In an article in the Australian newspaper The Age, a man named Edward discusses his journey of finally admitting to his compulsion to manipulate, denigrate and control successive female partners. He said that,
”As her partner, I knew her most intimately so I knew exactly how to hurt her the deepest, and I did.”
Edward came to his admission whilst listening to a radio interview with another man who used to abuse his wife. Quite often it is not until men hear other men’s stories that they finally start to admit that their years of denying, minimising and blaming were actually a cover up for behaviours they were refusing to face.
Many boys learn during their school years never to share emotional vulnerabilities otherwise they may bear the brunt of bullying by others – especially by other boys. This brutalising socialisation of boys entails denigrating boys for seeking help for anything – from school work to emotional and physical needs. And so it goes on into adulthood – where many men are extremely reluctant to seek medical help and hugely reluctant to seek help to change behaviours.
Henry, a man I interviewed for my PhD research said that sharing vulnerabilities amongst men was “this big hush hush. ‘Oh no men don’t talk about those things’.” David said that revealing vulnerable feelings amongst other males “wasn’t encouraged. You were a bit of a sissy or you were soft if you talked about your emotions… Usually picked on.”
This brutal socialisation process labels males who seek help as weak – and appearing weak is treated as being unworthy as a man. Chris, another man I interviewed, attended a stopping violence programme and said that this “was about the only place” he felt he had the option of showing weakness – an opportunity that he welcomed.
Anthony also welcomed the opportunity to attend a programme with other men to help him stop abusing women. He said that, “to actually be with other men and talk about things, that was probably the very first time I’ve been able to do that in a counselled situation.”
Some of the men I interviewed said that once they gained a level of ease with other men in the group they were able to challenge each other about their abusive behaviours. Chris believed this kind of relating amongst men was an important dimension “instead of sitting in a classroom with two teachers at the front.”
Peter said that attending a men’s group to help him stop abusing his partner was the first time he’d ever been amongst a group of males that were saying “No” to power and control over women. Peter said that:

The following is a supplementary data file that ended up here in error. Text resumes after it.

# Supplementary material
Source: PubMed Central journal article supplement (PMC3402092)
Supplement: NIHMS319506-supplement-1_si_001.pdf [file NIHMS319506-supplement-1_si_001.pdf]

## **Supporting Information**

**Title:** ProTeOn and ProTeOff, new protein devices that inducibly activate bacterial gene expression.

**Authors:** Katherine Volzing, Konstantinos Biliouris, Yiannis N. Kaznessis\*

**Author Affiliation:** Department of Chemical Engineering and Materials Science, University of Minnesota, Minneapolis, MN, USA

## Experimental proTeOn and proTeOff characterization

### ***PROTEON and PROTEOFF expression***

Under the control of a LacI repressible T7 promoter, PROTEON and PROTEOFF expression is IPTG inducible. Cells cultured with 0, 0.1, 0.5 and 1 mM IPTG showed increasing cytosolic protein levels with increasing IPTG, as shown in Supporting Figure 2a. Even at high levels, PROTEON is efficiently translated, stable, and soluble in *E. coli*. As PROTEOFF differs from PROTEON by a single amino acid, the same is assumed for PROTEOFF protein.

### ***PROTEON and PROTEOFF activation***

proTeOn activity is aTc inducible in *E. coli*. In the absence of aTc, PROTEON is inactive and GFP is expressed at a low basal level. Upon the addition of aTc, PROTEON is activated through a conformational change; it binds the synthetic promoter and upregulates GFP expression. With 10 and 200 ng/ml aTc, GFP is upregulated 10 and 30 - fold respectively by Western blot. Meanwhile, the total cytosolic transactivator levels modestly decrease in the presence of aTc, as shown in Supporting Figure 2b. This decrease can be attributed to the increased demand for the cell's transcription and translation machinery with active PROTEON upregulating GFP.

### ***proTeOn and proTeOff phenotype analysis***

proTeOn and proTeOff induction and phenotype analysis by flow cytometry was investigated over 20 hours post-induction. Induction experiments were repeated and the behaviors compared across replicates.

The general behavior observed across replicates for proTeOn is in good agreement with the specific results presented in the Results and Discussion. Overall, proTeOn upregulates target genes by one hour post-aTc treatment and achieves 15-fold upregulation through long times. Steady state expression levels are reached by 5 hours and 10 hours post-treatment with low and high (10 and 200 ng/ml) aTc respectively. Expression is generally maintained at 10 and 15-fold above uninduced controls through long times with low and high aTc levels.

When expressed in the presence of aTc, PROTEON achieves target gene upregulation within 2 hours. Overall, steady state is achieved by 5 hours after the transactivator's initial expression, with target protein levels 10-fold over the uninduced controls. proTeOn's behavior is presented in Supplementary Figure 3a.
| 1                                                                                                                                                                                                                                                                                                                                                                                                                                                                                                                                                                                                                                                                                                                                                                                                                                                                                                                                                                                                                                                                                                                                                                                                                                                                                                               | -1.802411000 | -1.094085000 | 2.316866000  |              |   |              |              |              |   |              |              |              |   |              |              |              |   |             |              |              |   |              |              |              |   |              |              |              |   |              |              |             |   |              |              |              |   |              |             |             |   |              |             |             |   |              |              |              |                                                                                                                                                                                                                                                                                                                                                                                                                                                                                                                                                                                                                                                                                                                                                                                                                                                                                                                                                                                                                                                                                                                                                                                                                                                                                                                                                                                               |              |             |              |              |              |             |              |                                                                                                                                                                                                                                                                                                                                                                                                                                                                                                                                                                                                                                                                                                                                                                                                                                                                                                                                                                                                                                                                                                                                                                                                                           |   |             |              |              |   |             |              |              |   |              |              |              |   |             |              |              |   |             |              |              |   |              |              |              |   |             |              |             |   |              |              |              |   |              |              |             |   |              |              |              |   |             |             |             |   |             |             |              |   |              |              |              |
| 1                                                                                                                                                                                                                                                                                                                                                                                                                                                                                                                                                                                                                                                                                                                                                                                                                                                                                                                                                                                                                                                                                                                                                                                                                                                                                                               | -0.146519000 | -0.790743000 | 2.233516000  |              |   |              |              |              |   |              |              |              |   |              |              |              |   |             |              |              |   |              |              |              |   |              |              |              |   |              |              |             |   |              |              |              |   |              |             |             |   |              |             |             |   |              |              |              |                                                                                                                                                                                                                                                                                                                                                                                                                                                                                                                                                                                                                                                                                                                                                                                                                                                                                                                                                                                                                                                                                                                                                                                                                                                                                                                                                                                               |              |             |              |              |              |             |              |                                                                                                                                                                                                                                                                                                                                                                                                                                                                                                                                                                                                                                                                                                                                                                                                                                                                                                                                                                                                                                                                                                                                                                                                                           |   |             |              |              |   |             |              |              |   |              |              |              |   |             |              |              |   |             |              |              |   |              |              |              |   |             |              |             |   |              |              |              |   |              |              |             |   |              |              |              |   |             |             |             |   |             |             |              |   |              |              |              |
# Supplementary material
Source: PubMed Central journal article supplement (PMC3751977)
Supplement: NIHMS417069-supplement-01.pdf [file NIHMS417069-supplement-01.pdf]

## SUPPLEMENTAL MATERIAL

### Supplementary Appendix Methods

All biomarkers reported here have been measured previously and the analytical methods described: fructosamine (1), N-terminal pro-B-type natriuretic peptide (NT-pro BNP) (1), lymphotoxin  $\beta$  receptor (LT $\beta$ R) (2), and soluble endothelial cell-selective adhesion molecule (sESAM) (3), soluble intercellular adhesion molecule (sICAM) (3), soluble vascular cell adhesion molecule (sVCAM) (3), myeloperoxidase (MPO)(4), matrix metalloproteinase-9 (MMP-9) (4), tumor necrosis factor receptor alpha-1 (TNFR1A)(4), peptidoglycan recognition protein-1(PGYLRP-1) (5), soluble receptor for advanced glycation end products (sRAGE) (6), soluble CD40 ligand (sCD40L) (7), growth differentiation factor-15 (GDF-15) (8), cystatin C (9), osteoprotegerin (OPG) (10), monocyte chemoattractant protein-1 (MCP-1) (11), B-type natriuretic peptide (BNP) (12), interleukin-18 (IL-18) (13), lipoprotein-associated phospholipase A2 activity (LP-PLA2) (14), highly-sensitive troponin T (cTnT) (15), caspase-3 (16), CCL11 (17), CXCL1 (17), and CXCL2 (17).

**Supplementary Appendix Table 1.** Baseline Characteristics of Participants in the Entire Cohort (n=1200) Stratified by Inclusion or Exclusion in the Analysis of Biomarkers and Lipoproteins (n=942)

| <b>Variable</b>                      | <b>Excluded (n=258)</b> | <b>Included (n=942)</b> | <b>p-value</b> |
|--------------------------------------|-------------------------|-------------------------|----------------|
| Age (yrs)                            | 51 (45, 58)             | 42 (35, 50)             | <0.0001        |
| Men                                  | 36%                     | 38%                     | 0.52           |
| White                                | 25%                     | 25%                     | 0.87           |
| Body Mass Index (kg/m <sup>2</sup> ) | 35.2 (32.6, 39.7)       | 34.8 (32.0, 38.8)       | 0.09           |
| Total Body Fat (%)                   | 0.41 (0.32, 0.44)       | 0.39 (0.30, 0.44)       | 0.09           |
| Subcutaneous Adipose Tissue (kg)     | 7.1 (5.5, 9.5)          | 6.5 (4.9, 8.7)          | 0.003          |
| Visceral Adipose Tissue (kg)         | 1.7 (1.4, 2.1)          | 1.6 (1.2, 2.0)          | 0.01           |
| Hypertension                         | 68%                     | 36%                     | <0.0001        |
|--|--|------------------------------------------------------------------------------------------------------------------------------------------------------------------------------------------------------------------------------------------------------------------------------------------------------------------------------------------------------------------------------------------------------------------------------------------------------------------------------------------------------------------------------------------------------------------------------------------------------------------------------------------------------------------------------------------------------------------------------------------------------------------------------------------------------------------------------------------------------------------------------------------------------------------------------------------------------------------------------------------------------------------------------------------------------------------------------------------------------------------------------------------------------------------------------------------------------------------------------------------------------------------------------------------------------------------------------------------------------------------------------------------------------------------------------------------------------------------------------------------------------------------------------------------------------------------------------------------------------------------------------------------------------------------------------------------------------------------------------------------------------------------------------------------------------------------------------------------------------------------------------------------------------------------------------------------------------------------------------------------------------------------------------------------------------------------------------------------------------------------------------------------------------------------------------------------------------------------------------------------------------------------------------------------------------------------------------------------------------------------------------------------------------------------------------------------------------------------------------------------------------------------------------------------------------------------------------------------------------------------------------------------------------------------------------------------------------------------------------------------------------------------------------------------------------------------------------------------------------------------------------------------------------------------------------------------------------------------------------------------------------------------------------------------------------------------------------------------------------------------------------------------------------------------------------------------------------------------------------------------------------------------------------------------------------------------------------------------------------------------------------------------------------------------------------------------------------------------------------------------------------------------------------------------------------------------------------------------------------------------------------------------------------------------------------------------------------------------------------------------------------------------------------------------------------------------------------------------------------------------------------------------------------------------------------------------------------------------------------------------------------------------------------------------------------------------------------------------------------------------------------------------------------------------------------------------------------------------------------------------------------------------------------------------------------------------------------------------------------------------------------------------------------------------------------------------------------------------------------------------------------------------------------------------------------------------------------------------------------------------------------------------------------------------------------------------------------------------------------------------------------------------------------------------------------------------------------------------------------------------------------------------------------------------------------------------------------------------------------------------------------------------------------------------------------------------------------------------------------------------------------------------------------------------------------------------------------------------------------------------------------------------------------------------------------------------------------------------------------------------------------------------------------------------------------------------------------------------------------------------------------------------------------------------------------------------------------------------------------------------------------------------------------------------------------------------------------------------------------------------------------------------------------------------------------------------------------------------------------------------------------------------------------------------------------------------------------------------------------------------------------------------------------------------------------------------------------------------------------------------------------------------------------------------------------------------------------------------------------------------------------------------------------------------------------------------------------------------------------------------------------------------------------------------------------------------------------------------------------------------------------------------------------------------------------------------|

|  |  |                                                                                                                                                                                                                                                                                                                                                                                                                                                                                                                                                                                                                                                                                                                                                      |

“What was useful, was getting challenged… With that whole men’s group … you are being held accountable by other men … there’s an element of humiliation … you gotta face up to what you’ve done to a bunch of other blokes with check ins and stuff. The blokes wouldn’t let you get away with, they’d really interrogate what was behind what you’re saying, so it’s being made to be accountable would be the important aspect of that, to your peers… It probably took me a month before I got comfortable enough, and I still didn’t get comfortable, but enough to open up and do my check-in. So it was a fairly unique situation, something I haven’t experienced in my life before that. Just very life changing.”
Men are socialised to be strong and courageous – and to NEVER show weakness or vulnerability. Men are also socialised to believe they are superior to women and that they are entitled to act in superior ways over women. Yet such socialisation squashes half of boys’ and men’s humanity, which is one of the causes of family violence. This socialisation makes many men so afraid of appearing weak and cowardly that they end up grappling for control over themselves and also by controlling their partner. Men are taught never to be big blouses or sissies – a notion that means they should consider themselves as inferior and so should beat themselves up for having vulnerabilities. It is also a notion that means girls and women should be considered inferior and so should be beaten up – psychologically or physically.
This brutal socialisation of the male gender has to change – we all play a part in shaping each other and shaping our society. We all need to be part of letting boys and men know that it is ok to show vulnerability, that it is a myth that seeking help to change behaviours is a weakness. In reality it requires inner strength and courage to make yourself vulnerable and seek help to change – especially to change abusive behaviours.